The first cohort of Mechanical Engineering students began in August 2016, pioneering one of the College’s latest bachelor’s degree offerings.
When Dunwoody College of Technology announced the launch of its Bachelor of Science in Mechanical Engineering last year, it did not want to ignore its hands-on, project-based, and industry-driven educational heritage.
Instead, Mechanical Engineering students were given an experienced instructor from industry; access to state-of-the-art technologies from companies like Carl Zeiss, Haas, MTS, and Stratasys; and a curriculum chalk-full of hands-on learning.
Dunwoody hires from industry for a hands-on education
The College has always developed its programs with the needs of industry in mind–and the Mechanical Engineering degree was no different.
So when it came time to hire an instructor for the program, Dunwoody looked for someone with robust industry experience to design a curriculum that could encourage students to translate theoretical knowledge into real-world practice.
Jonathan Aurand–Dunwoody’s Mechanical Engineering Instructor–fit the bill.
Aurand comes to Dunwoody with an experienced engineering background. He holds a master’s degree in Mechanical Engineering from the University of Minnesota’s College of Science and Engineering. He also worked as an Analysis Manager at HRST, Inc.–an engineering consulting firm providing service and products to the combined cycle and cogeneration industry–for nearly seven years, inspecting units, and creating solutions for design problems.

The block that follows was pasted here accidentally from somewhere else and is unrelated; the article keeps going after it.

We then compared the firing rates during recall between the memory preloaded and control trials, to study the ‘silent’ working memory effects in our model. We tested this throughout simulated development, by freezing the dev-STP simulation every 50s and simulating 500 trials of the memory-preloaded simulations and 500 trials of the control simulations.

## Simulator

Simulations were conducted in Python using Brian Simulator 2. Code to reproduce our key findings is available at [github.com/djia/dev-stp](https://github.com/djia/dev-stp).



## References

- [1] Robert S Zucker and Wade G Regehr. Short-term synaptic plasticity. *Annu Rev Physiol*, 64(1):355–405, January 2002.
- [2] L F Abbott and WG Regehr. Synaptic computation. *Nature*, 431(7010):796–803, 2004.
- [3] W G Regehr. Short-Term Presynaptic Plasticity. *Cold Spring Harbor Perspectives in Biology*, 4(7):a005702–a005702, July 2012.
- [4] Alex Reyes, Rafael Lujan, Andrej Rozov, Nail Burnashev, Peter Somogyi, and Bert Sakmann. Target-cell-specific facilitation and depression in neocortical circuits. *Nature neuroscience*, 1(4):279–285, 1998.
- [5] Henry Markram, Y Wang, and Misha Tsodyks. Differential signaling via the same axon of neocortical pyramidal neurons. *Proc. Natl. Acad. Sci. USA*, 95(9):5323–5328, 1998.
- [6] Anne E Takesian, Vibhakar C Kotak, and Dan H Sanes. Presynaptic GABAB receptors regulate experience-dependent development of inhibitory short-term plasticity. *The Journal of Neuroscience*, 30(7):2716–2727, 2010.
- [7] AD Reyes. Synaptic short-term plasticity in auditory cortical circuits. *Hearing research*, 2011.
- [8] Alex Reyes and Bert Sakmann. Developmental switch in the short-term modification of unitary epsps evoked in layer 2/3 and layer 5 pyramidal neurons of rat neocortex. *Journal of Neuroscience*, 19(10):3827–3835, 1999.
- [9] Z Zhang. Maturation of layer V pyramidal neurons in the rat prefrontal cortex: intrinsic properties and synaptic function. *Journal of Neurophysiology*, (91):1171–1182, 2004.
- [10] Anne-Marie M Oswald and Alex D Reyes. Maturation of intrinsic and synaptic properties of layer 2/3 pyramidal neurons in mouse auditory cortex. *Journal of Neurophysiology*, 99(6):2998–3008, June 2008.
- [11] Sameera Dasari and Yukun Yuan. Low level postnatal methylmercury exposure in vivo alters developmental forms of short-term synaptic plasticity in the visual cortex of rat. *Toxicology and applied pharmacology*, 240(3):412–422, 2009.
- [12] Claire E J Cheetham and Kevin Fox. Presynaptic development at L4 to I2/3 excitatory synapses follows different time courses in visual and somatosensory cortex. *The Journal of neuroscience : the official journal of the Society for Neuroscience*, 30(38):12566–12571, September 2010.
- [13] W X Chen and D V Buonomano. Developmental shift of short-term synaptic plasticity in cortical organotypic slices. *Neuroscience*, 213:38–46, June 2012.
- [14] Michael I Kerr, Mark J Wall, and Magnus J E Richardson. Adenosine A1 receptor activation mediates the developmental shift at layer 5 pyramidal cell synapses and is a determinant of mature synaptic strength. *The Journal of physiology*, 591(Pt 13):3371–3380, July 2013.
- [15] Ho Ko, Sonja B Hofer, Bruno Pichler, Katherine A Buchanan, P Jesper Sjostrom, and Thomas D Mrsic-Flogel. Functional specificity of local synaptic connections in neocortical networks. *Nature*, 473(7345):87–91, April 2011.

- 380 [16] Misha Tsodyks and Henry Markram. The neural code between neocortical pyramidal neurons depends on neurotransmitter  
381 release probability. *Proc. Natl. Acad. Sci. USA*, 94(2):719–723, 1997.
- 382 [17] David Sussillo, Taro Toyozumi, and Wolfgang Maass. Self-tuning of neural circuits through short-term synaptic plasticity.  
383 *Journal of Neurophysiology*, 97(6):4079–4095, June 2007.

Aurand has always had an interest in teaching, and Dunwoody’s hands-on approach attracted him to the position.
“Some people are more research-based and don’t have any interest in actually building something,” said Aurand. “And if that’s you, then Dunwoody probably isn’t the best fit.”
The Dunwoody Difference
At Dunwoody, Mechanical Engineering students are not taking two years of general classes before applying to the engineering program. These students are registered for Mechanical Engineering from day one. And all their general theory classes are held alongside their hands-on labs, allowing students to see theory applied in action.
During the first semester, Aurand has prepared in-class, impromptu design challenges for the students.
“I break the students up into three to four groups and lay out an engineering problem. They have to solve the problem using certain design requirements in a certain amount of time,” Aurand said. “They compete against one another to see whose design works best with a specific application in mind.”
The first of these design challenges was just two weeks into the first class. Teams of students were asked to improve on the simple paperclip design to see which group could successfully hold the most sheets of paper together.
“I’m really excited for these challenges,” Sierra Oden, first-year Mechanical Engineering student, said. “We’re doing something besides staring at a whiteboard and listening to a lecture.”